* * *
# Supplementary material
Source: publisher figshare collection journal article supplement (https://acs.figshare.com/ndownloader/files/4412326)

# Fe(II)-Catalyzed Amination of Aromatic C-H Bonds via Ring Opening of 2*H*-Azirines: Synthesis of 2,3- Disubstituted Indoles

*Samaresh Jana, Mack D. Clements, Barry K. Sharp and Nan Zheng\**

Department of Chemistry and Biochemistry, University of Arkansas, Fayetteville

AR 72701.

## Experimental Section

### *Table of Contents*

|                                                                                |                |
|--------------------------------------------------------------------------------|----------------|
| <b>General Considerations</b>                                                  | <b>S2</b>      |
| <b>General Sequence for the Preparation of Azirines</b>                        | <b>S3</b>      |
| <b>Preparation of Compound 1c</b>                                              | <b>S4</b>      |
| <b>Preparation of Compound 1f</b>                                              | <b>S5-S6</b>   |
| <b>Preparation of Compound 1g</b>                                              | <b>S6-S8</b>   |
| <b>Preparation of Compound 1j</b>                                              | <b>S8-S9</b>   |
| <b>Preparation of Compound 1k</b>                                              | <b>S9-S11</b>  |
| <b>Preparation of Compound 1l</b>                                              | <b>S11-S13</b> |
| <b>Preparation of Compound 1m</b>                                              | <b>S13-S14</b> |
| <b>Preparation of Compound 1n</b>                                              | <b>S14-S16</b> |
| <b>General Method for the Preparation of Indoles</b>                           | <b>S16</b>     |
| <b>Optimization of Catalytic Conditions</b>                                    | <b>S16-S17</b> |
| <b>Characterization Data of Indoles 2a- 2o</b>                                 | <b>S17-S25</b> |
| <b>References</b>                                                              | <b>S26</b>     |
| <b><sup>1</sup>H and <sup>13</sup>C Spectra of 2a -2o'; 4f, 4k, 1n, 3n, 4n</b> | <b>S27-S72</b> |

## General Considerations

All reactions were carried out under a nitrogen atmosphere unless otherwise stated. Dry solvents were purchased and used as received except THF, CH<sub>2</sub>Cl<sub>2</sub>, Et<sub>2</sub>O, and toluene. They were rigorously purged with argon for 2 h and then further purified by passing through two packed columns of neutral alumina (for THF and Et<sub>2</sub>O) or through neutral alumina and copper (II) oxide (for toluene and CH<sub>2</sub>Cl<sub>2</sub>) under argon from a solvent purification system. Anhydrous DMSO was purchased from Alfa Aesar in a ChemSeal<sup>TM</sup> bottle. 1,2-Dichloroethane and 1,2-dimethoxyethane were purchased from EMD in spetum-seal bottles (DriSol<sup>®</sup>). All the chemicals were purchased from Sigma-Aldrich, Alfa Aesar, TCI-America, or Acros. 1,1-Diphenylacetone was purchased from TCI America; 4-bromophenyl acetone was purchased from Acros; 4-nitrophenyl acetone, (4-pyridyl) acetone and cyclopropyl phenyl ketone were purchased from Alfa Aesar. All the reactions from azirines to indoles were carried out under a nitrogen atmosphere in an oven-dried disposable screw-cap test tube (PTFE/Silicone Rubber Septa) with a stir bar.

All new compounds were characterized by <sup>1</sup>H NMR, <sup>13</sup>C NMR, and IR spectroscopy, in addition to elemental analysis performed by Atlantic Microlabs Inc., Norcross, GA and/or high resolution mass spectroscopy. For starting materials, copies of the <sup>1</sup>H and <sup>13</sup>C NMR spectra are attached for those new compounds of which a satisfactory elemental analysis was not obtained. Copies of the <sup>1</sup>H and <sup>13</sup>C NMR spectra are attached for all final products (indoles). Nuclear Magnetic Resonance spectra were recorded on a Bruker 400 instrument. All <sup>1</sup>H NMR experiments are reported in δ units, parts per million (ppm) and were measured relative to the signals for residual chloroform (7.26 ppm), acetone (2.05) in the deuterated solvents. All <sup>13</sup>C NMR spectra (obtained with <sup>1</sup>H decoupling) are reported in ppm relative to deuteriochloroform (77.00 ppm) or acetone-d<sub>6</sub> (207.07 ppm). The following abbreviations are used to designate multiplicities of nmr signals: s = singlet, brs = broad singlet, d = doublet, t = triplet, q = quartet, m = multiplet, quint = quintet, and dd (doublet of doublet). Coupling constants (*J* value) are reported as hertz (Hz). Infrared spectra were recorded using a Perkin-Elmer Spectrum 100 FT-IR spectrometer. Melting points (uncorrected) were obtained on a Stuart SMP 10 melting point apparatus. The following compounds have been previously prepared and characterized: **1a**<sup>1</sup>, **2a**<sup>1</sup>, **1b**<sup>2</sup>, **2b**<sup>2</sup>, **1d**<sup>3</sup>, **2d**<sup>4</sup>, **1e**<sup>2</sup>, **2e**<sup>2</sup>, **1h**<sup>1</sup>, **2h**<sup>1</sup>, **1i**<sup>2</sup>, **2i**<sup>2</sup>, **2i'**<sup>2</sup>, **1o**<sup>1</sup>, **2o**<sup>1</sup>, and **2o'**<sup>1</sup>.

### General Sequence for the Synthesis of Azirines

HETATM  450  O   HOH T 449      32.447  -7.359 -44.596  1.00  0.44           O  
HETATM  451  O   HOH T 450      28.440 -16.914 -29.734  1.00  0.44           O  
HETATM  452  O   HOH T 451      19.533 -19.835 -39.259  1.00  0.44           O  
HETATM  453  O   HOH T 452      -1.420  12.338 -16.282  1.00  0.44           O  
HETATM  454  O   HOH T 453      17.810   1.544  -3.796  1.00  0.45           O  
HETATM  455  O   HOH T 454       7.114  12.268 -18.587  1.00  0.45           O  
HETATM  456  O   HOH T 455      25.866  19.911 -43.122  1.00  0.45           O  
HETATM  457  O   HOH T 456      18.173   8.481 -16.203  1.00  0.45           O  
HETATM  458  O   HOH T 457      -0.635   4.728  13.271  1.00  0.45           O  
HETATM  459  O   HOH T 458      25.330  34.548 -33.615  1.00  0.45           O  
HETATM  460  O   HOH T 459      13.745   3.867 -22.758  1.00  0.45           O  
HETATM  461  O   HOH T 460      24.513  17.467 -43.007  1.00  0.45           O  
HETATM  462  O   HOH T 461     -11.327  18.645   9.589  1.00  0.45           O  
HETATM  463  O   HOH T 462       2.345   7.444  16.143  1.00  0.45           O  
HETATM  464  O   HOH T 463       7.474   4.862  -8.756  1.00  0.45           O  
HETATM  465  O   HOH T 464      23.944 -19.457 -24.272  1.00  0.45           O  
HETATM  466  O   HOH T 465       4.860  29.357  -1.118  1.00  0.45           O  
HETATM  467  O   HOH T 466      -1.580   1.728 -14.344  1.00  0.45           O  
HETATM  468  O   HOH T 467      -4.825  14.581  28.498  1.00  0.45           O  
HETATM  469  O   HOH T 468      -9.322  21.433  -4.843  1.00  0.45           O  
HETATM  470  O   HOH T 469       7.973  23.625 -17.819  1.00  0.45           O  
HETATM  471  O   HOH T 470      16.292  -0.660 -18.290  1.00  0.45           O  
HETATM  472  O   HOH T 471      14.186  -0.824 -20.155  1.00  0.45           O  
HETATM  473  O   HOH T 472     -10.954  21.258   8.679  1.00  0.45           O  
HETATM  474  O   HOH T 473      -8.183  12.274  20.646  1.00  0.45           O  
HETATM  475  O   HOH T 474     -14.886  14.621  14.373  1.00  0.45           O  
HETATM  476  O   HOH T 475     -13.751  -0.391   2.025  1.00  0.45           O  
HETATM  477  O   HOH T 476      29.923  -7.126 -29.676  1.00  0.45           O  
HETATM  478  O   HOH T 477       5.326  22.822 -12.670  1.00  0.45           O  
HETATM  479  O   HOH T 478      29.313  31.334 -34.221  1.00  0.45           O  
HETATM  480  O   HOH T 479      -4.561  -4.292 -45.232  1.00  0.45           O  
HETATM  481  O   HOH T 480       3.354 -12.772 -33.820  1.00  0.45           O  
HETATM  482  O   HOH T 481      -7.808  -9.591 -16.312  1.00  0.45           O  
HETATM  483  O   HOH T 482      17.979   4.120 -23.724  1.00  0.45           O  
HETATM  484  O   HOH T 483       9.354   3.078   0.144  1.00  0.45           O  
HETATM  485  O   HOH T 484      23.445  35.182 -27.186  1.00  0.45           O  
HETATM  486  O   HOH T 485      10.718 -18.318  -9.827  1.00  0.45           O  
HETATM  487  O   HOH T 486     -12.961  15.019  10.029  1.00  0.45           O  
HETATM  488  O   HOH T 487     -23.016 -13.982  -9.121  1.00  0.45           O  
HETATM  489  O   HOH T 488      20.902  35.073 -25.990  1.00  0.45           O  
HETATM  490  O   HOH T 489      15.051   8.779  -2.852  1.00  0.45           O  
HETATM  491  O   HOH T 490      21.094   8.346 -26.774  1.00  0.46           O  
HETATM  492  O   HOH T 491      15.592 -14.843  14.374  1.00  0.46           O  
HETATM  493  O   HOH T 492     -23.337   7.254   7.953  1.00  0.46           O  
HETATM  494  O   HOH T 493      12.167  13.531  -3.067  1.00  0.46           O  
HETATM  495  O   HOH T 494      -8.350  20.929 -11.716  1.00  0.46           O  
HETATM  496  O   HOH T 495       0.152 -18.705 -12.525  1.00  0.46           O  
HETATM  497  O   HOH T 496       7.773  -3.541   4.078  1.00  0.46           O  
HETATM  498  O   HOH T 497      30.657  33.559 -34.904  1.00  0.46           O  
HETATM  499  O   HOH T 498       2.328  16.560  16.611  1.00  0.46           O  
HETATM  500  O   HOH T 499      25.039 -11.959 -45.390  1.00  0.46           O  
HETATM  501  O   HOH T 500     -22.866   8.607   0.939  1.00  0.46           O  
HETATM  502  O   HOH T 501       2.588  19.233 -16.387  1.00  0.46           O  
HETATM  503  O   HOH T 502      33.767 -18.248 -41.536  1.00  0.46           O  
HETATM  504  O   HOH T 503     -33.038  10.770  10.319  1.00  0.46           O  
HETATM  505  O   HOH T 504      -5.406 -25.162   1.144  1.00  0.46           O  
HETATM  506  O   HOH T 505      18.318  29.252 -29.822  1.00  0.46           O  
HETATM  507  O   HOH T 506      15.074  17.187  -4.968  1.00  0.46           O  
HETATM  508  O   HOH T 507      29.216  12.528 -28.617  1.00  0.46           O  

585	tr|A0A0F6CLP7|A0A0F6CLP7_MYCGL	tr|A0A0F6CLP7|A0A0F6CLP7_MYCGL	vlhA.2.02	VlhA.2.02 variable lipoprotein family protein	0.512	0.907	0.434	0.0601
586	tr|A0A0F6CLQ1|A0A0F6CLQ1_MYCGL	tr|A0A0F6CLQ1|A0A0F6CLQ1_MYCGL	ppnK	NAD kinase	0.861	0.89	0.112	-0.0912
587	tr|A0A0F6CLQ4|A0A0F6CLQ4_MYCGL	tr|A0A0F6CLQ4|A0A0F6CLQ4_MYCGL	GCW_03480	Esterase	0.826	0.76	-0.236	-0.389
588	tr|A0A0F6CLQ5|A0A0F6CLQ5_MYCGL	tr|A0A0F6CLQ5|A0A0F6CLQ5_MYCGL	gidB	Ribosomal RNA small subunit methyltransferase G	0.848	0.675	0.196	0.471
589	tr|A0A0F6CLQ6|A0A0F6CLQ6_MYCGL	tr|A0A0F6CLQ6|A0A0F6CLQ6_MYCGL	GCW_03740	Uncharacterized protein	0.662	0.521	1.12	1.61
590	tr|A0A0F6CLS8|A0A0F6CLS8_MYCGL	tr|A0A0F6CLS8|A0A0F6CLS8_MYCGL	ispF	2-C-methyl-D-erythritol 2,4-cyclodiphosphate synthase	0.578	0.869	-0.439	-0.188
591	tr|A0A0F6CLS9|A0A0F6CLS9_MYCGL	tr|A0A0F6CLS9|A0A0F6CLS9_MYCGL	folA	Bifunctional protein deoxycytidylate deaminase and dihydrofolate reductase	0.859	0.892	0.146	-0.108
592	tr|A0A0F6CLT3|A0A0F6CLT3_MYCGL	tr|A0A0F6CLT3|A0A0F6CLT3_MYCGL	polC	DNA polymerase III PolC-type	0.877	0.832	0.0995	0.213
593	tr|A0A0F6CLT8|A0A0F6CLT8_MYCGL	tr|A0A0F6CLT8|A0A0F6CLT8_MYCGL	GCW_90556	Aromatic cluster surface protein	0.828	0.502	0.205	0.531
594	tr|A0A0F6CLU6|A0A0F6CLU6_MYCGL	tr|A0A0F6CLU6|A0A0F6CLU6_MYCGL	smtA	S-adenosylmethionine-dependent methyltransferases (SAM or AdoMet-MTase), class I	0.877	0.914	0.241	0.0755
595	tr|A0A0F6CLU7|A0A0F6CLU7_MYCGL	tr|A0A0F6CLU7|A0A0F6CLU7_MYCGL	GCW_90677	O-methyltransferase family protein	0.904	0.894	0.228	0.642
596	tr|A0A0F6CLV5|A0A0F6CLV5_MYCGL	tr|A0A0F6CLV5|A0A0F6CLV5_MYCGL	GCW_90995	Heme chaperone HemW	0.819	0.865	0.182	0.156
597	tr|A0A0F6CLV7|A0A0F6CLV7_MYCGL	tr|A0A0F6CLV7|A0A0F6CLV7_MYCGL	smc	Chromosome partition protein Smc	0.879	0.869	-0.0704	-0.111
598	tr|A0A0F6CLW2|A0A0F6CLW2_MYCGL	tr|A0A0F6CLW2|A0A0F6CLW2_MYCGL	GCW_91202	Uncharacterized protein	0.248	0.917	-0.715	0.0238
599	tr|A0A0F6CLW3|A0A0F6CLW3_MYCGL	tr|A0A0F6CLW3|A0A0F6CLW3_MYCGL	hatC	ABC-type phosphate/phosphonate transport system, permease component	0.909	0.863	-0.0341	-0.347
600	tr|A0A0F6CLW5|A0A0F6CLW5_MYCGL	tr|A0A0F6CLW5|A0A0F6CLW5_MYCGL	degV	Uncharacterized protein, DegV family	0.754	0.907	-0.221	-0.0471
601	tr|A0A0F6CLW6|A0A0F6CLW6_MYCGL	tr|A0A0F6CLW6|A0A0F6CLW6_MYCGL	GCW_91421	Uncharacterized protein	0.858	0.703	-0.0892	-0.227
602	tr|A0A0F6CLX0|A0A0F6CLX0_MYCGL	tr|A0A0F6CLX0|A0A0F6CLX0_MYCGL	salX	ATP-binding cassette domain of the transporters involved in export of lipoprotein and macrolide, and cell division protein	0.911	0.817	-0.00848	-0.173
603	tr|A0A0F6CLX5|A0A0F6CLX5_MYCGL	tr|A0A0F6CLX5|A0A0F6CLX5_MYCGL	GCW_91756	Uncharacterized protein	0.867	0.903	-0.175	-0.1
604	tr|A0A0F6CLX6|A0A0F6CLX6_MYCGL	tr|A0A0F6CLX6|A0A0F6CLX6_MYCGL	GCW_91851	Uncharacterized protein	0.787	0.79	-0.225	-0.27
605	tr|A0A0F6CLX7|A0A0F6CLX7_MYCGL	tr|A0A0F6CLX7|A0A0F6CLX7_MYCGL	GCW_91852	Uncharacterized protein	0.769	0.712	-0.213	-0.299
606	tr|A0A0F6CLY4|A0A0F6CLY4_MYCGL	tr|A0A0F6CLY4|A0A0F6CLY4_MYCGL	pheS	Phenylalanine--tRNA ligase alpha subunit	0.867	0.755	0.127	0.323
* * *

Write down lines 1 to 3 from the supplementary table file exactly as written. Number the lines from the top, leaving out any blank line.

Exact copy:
# Supplementary material
Source: publisher figshare collection journal article supplement (https://acs.figshare.com/ndownloader/files/4412326)

# Fe(II)-Catalyzed Amination of Aromatic C-H Bonds via Ring Opening of 2*H*-Azirines: Synthesis of 2,3- Disubstituted Indoles